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Wolfgang Amadeus MOZART (1756-1791)
Piano Concerto No. 21 in C major K467 (1785) [29:11]
Sergei PROKOFIEV (1891-1953)
Piano Concerto No. 5 in G major Op. 55 (1932) [24:09]
Claude DEBUSSY (1862-1918)
La plus que lente (1912) [4:20]
Interview: Dinu Lipatti and Henri Jaton [6:36]
Dinu Lipatti (piano: Mozart)
Samson François (piano: Prokofiev, Debussy)
Lucerne Festival Orchestra/Herbert von Karajan (Mozart)
New York Philharmonic Orchestra/Leonard Bernstein (Prokofiev)
rec. Lucerne, 23 August 1950 (Mozart); Carnegie Hall, New York, 29 October 1960 (Prokofiev); 23 January 1962 (Debussy)
SOLSTICE SOCD387 [64:20]

At first sight this seems terra cognita. The Lipatti-Karjan Mozart Concerto, live at the Lucerne Festival, is one of the most famous recordings of the work, however suspect the sonics, and has seldom been out of the catalogue. It was recorded in August 1950 and three months later Lipatti was dead. As collectors, though, will know there has been a small but significant recalibration of some elements of Lipatti’s recorded legacy, with companies remastering, from various sources, some of the recordings that are the most intractable sound-wise. APR has recently tackled this in its twofer (see review) where, inter alia, the Schumann and Grieg concertos – especially the former – sound decidedly more open in sound quality than previous EMI and EMI-derived transfers. Many of Lipatti’s reissues – and for so great a musician, whose legacy is so precious and yet small this has been a consistent disappointment – have been constricted and starved in sound. It’s only really in recent years that a more sensitive approach has been applied and, in some cases, other labels have gone back to first generation discs and tapes.

Which beings us, finally, to this new disc. Solstice has already issued its new transfer of Lipatti’s last recital (see review) and this Mozart recording, whilst not from an alternative source, has been remastered by Art & Son, currently big players in the reissue market. The sound is rather more forward and focused than EMI’s own transfer – their Lipatti Icon box (see review) for example – and catches the Lucerne hall’s acoustic in a way I’ve not encountered in any previous transfer, as well as audience coughs that were submerged in the rather sludgy previous restorations. The advance then is of clarity and that applies to the piano too which is less muddy than in EMI’s work, not least in Lipatti’s chording and in his blistering cadenza; both the outer movement cadenzas are Lipatti’s.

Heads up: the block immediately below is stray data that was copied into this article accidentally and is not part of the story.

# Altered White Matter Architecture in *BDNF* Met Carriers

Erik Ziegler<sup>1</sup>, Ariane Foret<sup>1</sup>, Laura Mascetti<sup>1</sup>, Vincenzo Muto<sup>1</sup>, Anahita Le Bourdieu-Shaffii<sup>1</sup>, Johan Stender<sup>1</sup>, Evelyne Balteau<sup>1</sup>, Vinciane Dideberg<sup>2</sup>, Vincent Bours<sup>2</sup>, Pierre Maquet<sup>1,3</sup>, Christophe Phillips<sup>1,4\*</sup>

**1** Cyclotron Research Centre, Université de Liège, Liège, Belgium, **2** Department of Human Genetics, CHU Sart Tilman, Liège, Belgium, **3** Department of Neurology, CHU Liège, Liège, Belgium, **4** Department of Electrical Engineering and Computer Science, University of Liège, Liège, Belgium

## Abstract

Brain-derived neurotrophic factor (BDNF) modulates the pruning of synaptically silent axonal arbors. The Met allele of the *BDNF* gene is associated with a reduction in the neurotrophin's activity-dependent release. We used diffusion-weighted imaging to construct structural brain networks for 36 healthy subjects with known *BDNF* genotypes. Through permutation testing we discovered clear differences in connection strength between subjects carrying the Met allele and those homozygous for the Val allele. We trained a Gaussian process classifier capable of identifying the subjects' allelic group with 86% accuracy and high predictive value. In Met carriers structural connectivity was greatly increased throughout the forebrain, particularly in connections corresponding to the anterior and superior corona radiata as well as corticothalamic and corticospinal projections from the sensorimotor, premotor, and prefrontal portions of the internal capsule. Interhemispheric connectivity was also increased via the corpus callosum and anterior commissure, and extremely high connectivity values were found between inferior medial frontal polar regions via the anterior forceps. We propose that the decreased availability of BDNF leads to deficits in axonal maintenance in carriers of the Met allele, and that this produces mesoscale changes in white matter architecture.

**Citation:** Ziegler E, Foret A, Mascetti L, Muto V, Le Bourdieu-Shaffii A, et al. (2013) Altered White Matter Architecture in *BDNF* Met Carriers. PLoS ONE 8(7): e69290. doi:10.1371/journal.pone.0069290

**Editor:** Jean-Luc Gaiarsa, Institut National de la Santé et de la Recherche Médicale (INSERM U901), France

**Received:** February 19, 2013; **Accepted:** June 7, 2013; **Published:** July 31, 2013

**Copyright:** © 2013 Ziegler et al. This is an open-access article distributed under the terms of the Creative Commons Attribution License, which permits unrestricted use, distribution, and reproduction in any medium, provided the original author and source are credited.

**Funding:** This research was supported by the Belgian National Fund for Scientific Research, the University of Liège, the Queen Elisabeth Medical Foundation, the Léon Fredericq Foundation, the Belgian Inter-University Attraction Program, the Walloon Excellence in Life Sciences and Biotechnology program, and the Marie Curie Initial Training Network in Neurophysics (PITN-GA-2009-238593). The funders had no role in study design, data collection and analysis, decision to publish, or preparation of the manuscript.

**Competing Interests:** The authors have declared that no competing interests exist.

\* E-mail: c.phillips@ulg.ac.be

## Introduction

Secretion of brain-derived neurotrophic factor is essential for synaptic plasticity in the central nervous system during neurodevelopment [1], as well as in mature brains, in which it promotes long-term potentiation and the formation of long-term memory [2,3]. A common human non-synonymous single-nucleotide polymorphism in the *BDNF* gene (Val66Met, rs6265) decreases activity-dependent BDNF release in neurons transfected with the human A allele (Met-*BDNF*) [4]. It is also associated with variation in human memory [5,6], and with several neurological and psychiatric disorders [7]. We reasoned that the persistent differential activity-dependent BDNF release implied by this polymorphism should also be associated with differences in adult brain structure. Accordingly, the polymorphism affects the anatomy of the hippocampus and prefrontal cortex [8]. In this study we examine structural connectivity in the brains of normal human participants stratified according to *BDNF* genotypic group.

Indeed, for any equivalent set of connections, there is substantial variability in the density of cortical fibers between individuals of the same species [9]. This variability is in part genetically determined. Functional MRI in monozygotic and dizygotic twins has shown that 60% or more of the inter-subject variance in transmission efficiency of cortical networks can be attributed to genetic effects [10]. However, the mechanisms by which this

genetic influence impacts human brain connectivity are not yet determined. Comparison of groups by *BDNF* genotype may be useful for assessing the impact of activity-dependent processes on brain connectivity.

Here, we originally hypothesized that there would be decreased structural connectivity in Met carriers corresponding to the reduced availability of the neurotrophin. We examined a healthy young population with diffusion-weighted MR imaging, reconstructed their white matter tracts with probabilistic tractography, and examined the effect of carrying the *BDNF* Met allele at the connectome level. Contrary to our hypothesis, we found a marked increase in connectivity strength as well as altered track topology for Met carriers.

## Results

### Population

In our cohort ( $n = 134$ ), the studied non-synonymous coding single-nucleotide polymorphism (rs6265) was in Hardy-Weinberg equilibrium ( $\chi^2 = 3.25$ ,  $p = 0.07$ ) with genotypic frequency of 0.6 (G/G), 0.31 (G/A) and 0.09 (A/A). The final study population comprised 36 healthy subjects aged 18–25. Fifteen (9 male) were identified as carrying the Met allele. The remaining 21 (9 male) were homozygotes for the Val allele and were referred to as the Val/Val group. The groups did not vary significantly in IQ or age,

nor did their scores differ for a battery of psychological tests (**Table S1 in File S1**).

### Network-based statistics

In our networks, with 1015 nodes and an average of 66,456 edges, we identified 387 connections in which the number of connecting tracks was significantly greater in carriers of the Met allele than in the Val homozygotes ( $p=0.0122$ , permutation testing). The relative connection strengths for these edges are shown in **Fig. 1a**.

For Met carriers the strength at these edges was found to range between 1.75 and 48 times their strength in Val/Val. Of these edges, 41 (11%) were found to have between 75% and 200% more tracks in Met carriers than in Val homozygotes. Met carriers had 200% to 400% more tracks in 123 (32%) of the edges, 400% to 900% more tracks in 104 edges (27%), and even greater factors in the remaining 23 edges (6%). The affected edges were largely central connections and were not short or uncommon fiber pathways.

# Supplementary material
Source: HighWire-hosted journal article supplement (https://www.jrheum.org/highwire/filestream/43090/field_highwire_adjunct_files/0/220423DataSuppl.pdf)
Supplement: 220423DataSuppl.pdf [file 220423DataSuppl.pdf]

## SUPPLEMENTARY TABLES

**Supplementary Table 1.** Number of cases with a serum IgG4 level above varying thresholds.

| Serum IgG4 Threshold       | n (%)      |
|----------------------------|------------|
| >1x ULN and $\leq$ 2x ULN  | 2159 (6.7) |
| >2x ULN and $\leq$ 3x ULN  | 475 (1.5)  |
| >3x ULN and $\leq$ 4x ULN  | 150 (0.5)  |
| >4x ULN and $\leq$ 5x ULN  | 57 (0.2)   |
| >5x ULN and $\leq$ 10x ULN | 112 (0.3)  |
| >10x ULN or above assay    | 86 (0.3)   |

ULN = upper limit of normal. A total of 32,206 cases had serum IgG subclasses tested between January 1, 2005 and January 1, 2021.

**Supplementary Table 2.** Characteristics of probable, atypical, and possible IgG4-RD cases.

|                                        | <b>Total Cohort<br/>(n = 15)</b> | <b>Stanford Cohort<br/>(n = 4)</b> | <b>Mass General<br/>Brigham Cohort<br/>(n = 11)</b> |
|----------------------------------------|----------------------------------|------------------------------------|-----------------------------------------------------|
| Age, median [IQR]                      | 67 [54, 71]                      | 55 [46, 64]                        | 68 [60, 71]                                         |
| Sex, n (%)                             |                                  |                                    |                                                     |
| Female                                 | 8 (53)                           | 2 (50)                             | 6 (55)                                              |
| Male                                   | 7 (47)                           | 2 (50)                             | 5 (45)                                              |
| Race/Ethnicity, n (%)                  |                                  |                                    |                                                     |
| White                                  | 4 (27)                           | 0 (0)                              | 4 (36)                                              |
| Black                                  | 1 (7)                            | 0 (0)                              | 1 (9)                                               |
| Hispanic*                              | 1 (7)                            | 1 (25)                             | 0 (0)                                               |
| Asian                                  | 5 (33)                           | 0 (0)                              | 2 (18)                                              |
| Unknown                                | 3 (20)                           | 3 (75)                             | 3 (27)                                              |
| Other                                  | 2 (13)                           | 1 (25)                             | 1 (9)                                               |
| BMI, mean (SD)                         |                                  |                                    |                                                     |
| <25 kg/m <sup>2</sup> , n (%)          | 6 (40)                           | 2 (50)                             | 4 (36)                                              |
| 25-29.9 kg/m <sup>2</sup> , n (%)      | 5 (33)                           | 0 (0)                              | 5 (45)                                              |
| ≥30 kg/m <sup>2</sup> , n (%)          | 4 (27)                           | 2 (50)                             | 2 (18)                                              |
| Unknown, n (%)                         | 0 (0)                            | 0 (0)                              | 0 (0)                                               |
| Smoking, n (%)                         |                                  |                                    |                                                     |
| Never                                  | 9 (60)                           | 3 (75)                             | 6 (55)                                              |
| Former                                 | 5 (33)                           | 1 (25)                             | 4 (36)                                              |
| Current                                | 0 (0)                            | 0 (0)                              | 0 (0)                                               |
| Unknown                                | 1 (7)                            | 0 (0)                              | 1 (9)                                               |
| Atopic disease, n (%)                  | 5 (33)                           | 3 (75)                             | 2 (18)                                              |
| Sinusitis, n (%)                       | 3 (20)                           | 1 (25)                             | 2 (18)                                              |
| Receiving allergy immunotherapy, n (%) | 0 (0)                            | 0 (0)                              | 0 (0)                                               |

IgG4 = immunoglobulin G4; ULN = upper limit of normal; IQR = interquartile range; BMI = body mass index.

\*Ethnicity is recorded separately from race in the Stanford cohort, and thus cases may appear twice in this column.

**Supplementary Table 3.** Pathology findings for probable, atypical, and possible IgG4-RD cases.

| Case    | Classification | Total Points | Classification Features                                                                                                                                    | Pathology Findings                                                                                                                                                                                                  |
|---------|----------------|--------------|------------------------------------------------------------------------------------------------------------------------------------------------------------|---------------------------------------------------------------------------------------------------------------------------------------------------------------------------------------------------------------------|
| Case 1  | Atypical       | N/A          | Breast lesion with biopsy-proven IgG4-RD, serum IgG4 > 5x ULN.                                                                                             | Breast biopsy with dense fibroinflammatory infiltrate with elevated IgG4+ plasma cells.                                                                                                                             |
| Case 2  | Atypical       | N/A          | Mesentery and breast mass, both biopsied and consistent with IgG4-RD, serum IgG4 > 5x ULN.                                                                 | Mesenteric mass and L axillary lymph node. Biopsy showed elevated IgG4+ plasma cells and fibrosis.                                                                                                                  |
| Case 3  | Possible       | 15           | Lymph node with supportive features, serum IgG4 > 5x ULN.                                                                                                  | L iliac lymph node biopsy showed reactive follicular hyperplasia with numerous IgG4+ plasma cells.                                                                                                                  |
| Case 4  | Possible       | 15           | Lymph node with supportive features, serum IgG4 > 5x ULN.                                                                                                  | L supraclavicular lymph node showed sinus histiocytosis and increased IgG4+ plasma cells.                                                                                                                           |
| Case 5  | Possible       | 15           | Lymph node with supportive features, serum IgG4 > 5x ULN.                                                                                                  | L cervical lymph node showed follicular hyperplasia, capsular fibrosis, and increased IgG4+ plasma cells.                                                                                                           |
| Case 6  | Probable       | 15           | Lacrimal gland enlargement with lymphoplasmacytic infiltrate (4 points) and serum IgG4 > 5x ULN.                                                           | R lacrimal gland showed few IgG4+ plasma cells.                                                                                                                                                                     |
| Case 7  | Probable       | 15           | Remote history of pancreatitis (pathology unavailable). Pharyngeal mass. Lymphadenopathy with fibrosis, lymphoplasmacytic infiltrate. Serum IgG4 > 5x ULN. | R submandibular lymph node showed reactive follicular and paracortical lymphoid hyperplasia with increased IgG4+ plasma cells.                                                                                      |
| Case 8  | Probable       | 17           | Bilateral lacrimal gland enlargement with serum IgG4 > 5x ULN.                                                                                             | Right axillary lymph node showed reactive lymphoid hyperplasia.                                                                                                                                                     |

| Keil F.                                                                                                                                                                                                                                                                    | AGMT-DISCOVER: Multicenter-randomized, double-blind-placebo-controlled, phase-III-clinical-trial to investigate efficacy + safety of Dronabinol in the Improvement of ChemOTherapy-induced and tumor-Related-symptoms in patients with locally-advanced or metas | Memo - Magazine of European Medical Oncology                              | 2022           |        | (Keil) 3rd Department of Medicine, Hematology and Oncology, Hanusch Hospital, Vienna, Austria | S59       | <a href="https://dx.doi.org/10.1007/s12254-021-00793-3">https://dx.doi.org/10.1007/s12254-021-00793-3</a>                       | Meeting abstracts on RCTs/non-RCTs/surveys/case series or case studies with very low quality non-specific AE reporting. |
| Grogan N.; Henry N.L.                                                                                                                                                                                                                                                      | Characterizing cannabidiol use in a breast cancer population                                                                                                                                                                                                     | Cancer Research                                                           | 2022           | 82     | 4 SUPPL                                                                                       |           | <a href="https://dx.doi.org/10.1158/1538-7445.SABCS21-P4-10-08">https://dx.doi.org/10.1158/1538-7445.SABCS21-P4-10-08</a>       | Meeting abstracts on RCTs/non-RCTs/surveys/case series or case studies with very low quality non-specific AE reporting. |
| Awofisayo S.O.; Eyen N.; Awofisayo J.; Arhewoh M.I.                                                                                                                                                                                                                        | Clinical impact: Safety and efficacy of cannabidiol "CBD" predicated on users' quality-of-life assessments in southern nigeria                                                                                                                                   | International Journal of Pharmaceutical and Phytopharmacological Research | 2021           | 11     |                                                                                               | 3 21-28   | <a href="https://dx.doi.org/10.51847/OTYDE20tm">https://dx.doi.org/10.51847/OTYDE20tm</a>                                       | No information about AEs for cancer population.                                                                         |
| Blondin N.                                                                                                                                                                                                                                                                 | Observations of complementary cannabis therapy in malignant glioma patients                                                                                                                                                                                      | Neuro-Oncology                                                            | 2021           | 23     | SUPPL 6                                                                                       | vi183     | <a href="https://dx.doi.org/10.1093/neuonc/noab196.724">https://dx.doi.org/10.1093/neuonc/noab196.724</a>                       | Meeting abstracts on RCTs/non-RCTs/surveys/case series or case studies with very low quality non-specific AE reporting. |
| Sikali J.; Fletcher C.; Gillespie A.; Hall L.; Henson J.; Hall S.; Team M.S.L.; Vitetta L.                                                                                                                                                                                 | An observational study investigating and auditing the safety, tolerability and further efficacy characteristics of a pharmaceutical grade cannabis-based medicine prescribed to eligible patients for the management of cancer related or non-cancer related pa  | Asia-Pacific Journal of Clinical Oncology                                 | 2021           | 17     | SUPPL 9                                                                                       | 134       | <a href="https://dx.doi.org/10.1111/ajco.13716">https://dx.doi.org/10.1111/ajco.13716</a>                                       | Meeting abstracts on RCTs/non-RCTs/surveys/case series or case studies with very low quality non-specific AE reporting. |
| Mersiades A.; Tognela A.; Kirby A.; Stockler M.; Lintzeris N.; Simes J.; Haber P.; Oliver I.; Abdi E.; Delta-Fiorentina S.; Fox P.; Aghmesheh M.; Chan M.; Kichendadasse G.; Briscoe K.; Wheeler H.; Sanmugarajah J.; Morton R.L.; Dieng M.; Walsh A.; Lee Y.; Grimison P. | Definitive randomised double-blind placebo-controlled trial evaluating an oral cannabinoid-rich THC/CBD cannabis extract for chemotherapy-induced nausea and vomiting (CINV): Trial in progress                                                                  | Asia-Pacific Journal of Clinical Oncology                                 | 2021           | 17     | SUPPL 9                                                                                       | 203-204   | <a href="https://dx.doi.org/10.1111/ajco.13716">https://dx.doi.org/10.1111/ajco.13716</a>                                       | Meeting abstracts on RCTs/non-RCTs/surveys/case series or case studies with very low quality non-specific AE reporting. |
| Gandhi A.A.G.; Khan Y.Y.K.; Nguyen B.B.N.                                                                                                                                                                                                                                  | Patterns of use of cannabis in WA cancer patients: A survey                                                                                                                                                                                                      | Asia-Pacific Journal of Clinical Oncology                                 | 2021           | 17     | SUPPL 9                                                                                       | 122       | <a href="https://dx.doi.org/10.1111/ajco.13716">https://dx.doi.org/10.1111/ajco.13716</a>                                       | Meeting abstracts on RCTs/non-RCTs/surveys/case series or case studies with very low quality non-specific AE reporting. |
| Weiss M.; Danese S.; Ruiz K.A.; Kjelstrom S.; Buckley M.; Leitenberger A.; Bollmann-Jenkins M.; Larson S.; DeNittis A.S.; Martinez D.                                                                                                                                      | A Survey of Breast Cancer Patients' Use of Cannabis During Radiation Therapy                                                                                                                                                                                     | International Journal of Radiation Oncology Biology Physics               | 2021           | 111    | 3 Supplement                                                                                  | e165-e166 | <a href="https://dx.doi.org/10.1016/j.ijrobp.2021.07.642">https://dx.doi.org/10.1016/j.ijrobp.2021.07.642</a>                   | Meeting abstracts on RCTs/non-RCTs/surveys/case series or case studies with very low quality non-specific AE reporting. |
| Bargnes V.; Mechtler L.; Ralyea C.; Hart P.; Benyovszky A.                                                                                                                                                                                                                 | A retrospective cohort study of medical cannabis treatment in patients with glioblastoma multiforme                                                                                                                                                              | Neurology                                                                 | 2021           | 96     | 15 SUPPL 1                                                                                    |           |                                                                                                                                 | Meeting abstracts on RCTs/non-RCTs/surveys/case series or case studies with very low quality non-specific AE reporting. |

Prefacing the concerto is a rare example of Lipatti’s speaking voice, when he is interviewed by Henri Jaton at the festival but before the concert. It’s an interesting conversation in which he talks about his cadenzas, the sonority of the piano, and touches on some of his own compositions.

Reference to Lipatti’s blistering performance of his cadenzas brings us neatly to his fellow Yvonne Lefébure pupil – this release is subtitled’ Dans les harmoniques d’Yvonne Lefébure’ – Samson François. His live 1960 performance of Prokofiev’s Fifth Concerto with Bernstein and the New York Philharmonic has appeared before but is always worth re-encountering in this tigerish and brilliantly assured reading. The hall’s acoustic operates here on a narrow bandwidth but there’s enough sharply etched conducting and coruscating pianism to keep the ear occupied. Yet it’s the gaunt stoicism of the Larghetto that stays longest in the mind, implacable as well as reflective in Francois’ hands, after which the percussive brilliance of the finale – even in this hard-edged sound – is guaranteed, along with a final release of unexpected jauntiness. Applause is rightly retained.

For admirers of the pianist there is small but very telling envoi, a previously unissued and lovely La plus que lente from January 1962, direct from Bernard Gavoty’s radio programme called ‘Les Grands Interprètes’.

The sonic improvements in the Mozart are noticeable and the Debussy is a notable addition to François’ discography. Even if you have both the concertos, or are a Lipatti adherent, this release will still invite your curiosity.

Jonathan Woolf

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